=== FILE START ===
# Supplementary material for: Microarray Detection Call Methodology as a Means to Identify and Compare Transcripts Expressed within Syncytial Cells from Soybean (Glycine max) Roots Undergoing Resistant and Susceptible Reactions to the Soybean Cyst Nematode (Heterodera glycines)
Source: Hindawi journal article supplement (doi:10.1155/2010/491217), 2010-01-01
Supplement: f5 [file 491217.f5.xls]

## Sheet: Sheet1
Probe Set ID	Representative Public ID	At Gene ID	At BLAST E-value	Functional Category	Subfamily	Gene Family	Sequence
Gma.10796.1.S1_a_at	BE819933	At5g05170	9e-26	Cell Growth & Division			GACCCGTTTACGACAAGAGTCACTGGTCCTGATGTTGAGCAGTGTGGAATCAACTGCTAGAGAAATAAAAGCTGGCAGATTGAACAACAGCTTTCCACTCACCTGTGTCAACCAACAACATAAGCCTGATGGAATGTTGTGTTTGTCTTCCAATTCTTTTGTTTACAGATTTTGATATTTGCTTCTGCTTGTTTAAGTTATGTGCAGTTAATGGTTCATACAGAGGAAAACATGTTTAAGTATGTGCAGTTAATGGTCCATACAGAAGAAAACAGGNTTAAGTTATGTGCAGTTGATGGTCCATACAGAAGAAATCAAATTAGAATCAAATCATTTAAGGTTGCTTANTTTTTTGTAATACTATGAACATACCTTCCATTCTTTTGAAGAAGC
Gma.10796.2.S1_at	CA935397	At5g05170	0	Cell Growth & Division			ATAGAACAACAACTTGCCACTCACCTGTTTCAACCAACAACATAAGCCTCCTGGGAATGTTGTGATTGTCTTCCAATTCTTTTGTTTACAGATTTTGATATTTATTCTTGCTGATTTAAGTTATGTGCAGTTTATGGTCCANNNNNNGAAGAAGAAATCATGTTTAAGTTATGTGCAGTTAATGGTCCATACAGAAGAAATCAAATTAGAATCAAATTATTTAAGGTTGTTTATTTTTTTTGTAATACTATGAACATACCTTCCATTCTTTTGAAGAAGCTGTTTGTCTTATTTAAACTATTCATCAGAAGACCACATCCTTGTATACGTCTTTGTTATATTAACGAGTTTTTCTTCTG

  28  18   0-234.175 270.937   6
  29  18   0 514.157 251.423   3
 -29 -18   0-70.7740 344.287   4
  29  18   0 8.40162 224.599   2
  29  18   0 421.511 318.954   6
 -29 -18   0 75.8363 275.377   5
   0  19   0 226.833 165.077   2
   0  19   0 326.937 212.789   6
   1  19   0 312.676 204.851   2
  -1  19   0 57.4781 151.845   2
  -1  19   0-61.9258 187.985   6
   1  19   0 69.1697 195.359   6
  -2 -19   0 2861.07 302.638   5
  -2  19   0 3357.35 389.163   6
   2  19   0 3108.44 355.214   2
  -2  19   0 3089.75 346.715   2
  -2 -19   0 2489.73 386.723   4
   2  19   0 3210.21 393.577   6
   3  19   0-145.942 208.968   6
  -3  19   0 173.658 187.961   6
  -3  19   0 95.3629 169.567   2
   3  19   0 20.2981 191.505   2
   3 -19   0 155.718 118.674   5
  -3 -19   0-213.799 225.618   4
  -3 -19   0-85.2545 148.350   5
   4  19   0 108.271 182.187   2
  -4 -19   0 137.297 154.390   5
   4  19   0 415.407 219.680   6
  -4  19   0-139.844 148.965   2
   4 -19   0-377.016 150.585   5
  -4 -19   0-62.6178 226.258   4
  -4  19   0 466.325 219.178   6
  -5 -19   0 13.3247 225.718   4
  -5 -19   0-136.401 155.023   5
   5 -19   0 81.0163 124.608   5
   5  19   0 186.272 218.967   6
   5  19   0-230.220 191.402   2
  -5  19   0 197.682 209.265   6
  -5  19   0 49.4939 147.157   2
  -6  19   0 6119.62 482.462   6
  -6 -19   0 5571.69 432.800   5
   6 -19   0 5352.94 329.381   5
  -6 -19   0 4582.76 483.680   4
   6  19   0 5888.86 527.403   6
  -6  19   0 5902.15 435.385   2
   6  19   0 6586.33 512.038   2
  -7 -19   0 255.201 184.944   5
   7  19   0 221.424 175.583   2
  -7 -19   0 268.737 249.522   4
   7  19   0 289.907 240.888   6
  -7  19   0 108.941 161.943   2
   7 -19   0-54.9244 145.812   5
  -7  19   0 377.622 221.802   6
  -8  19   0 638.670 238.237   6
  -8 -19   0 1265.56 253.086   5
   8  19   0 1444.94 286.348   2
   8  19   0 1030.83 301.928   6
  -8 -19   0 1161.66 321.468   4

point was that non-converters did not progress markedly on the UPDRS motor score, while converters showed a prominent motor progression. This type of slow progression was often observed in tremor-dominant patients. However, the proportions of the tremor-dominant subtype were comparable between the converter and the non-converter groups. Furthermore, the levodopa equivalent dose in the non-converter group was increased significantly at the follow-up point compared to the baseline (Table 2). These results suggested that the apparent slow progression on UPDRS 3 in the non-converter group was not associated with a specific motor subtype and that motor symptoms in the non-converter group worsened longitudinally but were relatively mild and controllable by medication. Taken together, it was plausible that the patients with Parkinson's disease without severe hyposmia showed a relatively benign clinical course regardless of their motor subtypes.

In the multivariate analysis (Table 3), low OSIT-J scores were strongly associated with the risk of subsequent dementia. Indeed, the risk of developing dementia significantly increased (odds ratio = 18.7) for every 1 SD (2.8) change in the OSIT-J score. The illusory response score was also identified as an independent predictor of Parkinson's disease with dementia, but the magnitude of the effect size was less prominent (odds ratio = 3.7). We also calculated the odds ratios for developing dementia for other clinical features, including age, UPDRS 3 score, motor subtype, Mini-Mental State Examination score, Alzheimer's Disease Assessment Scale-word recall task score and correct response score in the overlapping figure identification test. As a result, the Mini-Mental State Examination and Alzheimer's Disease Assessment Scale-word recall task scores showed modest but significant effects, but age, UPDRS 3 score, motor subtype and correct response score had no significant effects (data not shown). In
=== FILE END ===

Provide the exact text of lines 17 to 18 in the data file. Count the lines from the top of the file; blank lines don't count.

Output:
  -1  19   0 57.4781 151.845   2
  -1  19   0-61.9258 187.985   6